SYDNEY (Reuters Life!) - It was tension at home between a peace activist wife and a son in the U.S. military that sparked U.S. writer Michael Gruber’s latest and seventh novel.
Gruber, praised as a writer of literary spy thrillers, delves into religion and the Muslim world in “The Good Son,” which tells the story of a mother taken hostage in Pakistan while at a peace conference and who is rescued by her son, an ex-elite soldier.
He said the book was seven years in the making as it takes him a while to “cook his books.”
Gruber worked as a cook, marine biologist, speech writer, a policy advisor for Jimmy Carter’s White House, and a U.S. bureaucrat before becoming a full-time writer in 1988, collaborating with his cousin, lawyer Robert K. Tanenbaum, on a series of legal thrillers about prosecutor Butch Karp.
The writer, who turns 70 this year, spoke to Reuters:
Q: What led to “The Good Son?”
A: “A few threads. When I was a kid I was a big fan of Kipling and I never abandoned my respect for his writing ... and now we find ourselves in a Kipling-esque situation with our involvement in South Asia and the graveyard of empires.
But what also got me into this book was my wife who is an English woman and the daughter of a WWI hero. He was a tank commander on the Western Front and some dreadful events happened to him and he was among the shattered generation. As a result of her experiences with him, she became a peace activist and was at the forefront of organizations against the Iraq war.
But our son was in the U.S. navy and in 2003, as she was doing peace work, he was riding around in boats in the Persian Gulf after Iraqi ships so there was a lot of tension in our house. Then he decided that what he was doing wasn’t dangerous enough so he decided to become a U.S. Navy SEAL which went down like a lead balloon in our house.”
Q: Anything else?
A: “The other thing that got me started was when I was in New York in 2002 in the fall, about a year after 9/11, I went to a little cabaret in Soho and the night we went there it was bouzouki night and they were playing Arab music. As we sat, a woman in conservative business attire got up and started to dance spontaneously. It was so beautiful and erotic without being suggestive. Then she sat down and everyone clapped and someone else got up and started to dance. I saw that almost everyone in the restaurant was an Arab and it struck me what it must have been like to be an Arab in New York in the year after 9/11. In their bodies they were saying they are not those people but theirs is a wonderful culture with wonderful music.”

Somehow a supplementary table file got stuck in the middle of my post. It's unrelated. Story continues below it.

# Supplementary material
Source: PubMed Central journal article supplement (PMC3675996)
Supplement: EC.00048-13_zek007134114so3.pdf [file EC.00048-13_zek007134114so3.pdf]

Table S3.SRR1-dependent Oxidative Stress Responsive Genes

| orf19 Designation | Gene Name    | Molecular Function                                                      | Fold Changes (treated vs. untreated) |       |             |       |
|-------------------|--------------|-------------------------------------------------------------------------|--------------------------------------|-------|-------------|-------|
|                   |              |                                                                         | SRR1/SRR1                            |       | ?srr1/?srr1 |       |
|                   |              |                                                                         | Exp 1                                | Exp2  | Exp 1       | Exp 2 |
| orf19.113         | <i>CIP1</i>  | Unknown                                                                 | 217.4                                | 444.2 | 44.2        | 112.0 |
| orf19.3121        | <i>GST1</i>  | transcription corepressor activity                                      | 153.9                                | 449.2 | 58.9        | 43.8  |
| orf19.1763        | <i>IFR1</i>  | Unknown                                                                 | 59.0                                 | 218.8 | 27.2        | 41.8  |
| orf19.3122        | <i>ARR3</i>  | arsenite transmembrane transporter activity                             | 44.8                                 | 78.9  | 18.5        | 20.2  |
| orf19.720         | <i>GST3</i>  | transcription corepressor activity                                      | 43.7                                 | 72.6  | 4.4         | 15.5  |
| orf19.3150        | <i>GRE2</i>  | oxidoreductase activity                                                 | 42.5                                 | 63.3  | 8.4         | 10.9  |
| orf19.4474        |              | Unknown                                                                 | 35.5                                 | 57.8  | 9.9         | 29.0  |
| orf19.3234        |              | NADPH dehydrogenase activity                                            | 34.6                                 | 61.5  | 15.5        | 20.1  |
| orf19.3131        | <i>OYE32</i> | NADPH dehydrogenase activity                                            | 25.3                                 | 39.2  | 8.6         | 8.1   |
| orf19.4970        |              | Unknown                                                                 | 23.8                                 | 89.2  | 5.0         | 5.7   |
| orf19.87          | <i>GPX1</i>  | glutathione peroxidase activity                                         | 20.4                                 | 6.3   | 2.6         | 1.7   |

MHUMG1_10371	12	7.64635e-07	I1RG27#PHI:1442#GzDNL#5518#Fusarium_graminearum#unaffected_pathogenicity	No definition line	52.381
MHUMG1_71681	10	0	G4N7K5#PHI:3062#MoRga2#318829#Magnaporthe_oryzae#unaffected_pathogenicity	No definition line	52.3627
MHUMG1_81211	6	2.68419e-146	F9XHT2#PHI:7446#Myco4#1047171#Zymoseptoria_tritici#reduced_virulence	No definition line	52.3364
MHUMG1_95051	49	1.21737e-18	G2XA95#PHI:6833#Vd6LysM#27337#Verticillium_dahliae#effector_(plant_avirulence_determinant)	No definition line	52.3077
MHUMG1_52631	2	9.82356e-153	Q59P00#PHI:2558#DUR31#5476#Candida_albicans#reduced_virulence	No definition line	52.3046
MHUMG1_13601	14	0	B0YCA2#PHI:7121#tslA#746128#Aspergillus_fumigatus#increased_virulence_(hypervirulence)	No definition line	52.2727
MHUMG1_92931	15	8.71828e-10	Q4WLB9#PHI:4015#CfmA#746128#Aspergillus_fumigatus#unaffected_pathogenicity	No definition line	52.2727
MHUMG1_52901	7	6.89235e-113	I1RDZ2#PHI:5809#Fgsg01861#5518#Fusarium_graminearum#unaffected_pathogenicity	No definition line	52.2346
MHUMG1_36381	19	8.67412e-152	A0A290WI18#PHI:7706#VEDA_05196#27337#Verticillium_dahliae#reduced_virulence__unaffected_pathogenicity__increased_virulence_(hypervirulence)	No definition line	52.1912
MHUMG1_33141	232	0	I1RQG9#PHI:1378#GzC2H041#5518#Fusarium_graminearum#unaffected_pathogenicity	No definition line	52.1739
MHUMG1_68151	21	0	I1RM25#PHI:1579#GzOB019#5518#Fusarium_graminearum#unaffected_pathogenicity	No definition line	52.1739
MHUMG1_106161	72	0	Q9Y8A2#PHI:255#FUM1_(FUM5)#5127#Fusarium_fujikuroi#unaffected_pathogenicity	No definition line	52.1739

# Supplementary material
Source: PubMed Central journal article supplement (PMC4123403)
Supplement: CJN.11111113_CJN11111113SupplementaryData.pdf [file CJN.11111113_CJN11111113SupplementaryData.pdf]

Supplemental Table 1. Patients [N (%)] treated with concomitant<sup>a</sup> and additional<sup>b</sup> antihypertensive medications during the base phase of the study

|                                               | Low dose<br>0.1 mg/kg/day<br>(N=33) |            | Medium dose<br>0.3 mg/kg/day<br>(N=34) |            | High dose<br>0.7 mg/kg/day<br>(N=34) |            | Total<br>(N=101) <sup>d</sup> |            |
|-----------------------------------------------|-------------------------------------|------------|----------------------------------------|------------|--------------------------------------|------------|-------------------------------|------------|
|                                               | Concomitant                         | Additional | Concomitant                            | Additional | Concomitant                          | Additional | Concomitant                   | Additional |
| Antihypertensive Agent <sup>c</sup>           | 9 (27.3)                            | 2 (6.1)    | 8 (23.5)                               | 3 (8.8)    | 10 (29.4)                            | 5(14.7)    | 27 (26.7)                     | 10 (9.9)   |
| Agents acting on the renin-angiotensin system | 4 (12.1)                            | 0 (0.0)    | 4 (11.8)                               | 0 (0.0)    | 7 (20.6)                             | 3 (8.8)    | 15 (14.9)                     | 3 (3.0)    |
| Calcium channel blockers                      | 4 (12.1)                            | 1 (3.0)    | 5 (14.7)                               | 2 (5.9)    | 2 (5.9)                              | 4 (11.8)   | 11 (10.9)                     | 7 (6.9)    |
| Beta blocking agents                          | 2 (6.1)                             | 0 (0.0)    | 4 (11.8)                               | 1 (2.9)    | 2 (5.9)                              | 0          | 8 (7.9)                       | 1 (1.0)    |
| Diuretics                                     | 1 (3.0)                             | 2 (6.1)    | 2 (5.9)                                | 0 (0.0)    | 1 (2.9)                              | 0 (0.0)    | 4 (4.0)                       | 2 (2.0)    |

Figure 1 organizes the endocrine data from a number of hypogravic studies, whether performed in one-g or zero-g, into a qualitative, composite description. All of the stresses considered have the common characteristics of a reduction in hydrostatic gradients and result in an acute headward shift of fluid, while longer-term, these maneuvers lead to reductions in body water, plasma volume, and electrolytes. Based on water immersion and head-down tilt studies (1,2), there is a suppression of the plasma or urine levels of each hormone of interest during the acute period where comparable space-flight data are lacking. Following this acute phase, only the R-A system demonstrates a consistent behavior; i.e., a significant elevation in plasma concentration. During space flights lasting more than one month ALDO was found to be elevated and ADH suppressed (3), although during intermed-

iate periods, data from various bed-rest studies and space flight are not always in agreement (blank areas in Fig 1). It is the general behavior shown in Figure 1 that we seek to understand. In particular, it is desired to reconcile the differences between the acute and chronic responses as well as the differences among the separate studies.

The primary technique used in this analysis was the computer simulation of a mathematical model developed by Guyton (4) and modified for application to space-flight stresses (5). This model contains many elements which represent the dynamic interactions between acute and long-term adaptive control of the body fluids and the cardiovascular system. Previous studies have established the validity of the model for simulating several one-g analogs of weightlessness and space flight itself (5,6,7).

Q: Where did you go from there?
A: “I resolved to find out more about the culture. I plunged into novels of the Arab world and read widely. I also got onto the Internet and listened in on the talks of Pakistanis and their concerns. I was amazed to find women talking very intelligently about decisions to restrict their sexuality. They were very lively discussions. I also read poetry as this is a culture where poetry is absolutely alive unlike ours.
Q: Were you concerned about any backlash from this book?
A: “My agent was wondering about fatwas but I don’t think that will happen. I don’t think I am important enough for anyone to get too excited.”
Q: Is your son still with the military?
A: “No, my son is out of the navy now and is an employee of the government in Seattle.”
Q: What made you leave ghost writing to write your own books?
A: “The relationship with the person whose name was on the book became untenable so I abandoned ghostwriting and had to start writing under my own name.”
Q: Was it hard to make that move?
A: “No. I had always been a writer. I was a speech writer at cabinet level and state government. Some people would say that is exactly like writing fiction. Unconsciously I have always been headed in that direction. It just turns out I could do it.”
Q: Any advice for aspiring writers?
A: “My advice is if you can think of anything else to do you should do that. If you really have to write and feel nauseous if you are not writing then go ahead and try to be a writer. You also have to get used to failure, not just in the world but in everything that you write. It is the nature of the beast.”
Reporting by Belinda Goldsmith, Editing by Michael Perry